A report on Double starBinary star and Mizar

Astronomers have mistakenly reported observations of a double star in place of J 900 and a faint star in the constellation of Gemini.
Binary system of two stars
The Big Dipper's bowl and part of the handle photographed from the International Space Station. Mizar and Alcor are at the upper right.
Artist's impression of the discs around the young stars HK Tauri A and B.
Edge-on disc of gas and dust present around the binary star system HD 106906
The multiple star system of Mizar (the double star on the right) and Alcor (left). The unrelated, fainter star Sidus Ludovicianum can be seen lower down.
Algol B orbits Algol A. This animation was assembled from 55 images of the CHARA interferometer in the near-infrared H-band, sorted according to orbital phase.
Radial velocity curves for the two almost identical components
Artist's conception of a cataclysmic variable system
Artist's impression of the binary star system AR Scorpii
Artist rendering of plasma ejections from V Hydrae
Artist's impression of the sight from a (hypothetical) moon of planet HD 188753 Ab (upper left), which orbits a triple star system. The brightest companion is just below the horizon.
Schematic of a binary star system with one planet on an S-type orbit and one on a P-type orbit
The two visibly distinguishable components of Albireo
Luhman 16, the third closest star system, contains two brown dwarfs.
Planet Lost in the Glare of Binary Stars (illustration)

This occurs because the pair either forms a binary star (i.e. a binary system of stars in mutual orbit, gravitationally bound to each other) or is an optical double, a chance line-of-sight alignment of two stars at different distances from the observer.

- Double star

It forms a well-known naked eye double star with the fainter star Alcor, and is itself a quadruple star system.

- Mizar

Mizar is a visual double with a separation of 14.4 arcseconds, each of which is a spectroscopic binary.

- Mizar

Mizar, in Ursa Major, was observed to be double by Benedetto Castelli and Galileo.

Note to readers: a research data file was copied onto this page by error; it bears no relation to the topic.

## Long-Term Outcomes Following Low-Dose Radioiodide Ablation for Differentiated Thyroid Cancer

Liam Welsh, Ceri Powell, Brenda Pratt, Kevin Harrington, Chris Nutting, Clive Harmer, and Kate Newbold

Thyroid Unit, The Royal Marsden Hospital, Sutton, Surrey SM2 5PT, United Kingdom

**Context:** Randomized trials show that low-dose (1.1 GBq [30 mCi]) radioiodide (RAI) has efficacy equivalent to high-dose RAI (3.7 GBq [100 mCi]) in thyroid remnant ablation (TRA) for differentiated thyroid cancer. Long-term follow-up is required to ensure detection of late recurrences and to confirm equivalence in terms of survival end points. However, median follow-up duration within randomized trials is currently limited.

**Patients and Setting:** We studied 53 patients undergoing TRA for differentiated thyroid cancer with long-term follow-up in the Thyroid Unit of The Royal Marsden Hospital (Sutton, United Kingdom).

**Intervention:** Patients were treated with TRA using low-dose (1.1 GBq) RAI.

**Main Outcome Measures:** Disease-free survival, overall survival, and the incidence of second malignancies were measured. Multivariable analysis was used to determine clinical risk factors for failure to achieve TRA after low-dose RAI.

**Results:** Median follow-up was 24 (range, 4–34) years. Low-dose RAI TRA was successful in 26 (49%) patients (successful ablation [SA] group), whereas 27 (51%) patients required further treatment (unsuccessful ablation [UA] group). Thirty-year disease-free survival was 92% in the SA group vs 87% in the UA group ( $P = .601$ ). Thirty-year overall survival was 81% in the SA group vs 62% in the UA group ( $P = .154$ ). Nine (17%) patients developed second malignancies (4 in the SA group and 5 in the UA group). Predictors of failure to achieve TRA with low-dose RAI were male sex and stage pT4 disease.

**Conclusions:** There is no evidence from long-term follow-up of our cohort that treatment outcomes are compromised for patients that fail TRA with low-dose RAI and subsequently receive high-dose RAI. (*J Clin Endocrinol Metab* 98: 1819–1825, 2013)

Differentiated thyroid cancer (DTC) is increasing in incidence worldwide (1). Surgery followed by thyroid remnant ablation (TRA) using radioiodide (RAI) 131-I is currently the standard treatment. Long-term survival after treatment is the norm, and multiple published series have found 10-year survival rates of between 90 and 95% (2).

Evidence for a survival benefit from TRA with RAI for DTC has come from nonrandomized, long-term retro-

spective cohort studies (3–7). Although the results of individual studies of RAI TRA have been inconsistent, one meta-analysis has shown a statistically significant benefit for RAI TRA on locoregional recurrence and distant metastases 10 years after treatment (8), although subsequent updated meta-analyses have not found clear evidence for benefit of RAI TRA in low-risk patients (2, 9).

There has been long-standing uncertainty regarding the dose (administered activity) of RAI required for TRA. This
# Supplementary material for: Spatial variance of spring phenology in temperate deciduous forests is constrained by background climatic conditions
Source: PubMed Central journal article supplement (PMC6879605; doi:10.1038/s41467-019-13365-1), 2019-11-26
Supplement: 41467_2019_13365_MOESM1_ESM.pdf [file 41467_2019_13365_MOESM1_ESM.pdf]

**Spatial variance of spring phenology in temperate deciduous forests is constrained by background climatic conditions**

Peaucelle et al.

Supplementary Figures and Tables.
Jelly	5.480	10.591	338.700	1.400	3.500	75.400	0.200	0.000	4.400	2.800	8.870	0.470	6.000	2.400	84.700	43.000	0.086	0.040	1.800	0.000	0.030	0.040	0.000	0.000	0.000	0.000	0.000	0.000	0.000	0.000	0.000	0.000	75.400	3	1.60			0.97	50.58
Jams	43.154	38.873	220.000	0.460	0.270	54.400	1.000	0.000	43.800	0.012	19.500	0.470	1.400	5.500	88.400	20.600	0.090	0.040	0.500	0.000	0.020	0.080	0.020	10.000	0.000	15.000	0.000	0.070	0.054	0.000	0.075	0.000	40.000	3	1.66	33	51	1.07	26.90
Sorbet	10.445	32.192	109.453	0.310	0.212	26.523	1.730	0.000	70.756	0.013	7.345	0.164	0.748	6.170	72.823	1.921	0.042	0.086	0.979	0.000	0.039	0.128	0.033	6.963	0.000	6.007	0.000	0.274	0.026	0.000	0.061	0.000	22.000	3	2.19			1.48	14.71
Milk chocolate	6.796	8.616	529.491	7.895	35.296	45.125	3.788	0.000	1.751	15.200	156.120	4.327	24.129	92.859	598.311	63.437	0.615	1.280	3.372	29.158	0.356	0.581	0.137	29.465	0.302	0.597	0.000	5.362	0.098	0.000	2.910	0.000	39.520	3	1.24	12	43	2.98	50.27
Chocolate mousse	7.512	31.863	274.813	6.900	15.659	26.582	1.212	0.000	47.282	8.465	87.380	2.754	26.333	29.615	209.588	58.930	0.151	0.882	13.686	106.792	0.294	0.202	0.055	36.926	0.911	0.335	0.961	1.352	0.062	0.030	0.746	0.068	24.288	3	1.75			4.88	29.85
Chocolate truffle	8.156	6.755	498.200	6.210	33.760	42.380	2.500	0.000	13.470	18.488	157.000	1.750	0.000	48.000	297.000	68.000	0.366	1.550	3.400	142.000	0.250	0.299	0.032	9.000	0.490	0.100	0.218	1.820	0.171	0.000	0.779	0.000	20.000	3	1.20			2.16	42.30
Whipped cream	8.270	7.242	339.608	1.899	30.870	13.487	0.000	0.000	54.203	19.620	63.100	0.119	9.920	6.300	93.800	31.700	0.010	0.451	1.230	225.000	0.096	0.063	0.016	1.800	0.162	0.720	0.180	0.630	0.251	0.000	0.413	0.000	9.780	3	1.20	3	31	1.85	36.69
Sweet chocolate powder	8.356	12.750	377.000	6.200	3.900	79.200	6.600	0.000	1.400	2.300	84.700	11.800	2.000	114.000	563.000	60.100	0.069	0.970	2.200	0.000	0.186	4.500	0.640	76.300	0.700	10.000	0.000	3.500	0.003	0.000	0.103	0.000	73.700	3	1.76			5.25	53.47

- Double star

The more general term double star is used for pairs of stars which are seen to be close together in the sky.

- Binary star

Early examples include Mizar and Acrux.

- Binary star
Astronomers have mistakenly reported observations of a double star in place of J 900 and a faint star in the constellation of Gemini.

2 related topics with Alpha

Overall

Mizar and Alcor in constellation Ursa Major

Mizar and Alcor

0 links

Mizar and Alcor in constellation Ursa Major

Mizar and Alcor are two stars forming a naked eye double in the handle of the Big Dipper (or Plough) asterism in the constellation of Ursa Major.

Mizar is the second star from the end of the Big Dipper's handle, and Alcor its fainter companion.

Mizar, also designated Zeta Ursae Majoris (ζ Ursae Majoris, abbreviated Zeta UMa, ζ UMa), is itself a quadruple system and Alcor, also designated 80 Ursae Majoris (80 UMa), is a binary, the pair together forming a sextuple system.

Star system named DI Cha. While only two stars are apparent, it is actually a quadruple system containing two sets of binary stars.

Star system

0 links

Small number of stars that orbit each other, bound by gravitational attraction.

Small number of stars that orbit each other, bound by gravitational attraction.

Star system named DI Cha. While only two stars are apparent, it is actually a quadruple system containing two sets of binary stars.
Orbits of the HR 6819 hierarchical triple star system: an inner binary with one star (orbit in blue) and a black hole (orbit in red), encircled by another star in a wider orbit (also in blue).
Subsystem notation in Tokovinin's Multiple Star Catalogue
Sirius A (center), with its white dwarf companion, Sirius B (lower left) taken by the Hubble Space Telescope.
HD 98800 is a quadruple star system located in the TW Hydrae association.

A star system of two stars is known as a binary star, binary star system or physical double star.

Mizar is often said to have been the first binary star discovered when it was observed in 1650 by Giovanni Battista Riccioli, p. 1 but it was probably observed earlier, by Benedetto Castelli and Galileo. Later, spectroscopy of its components Mizar A and B revealed that they are both binary stars themselves.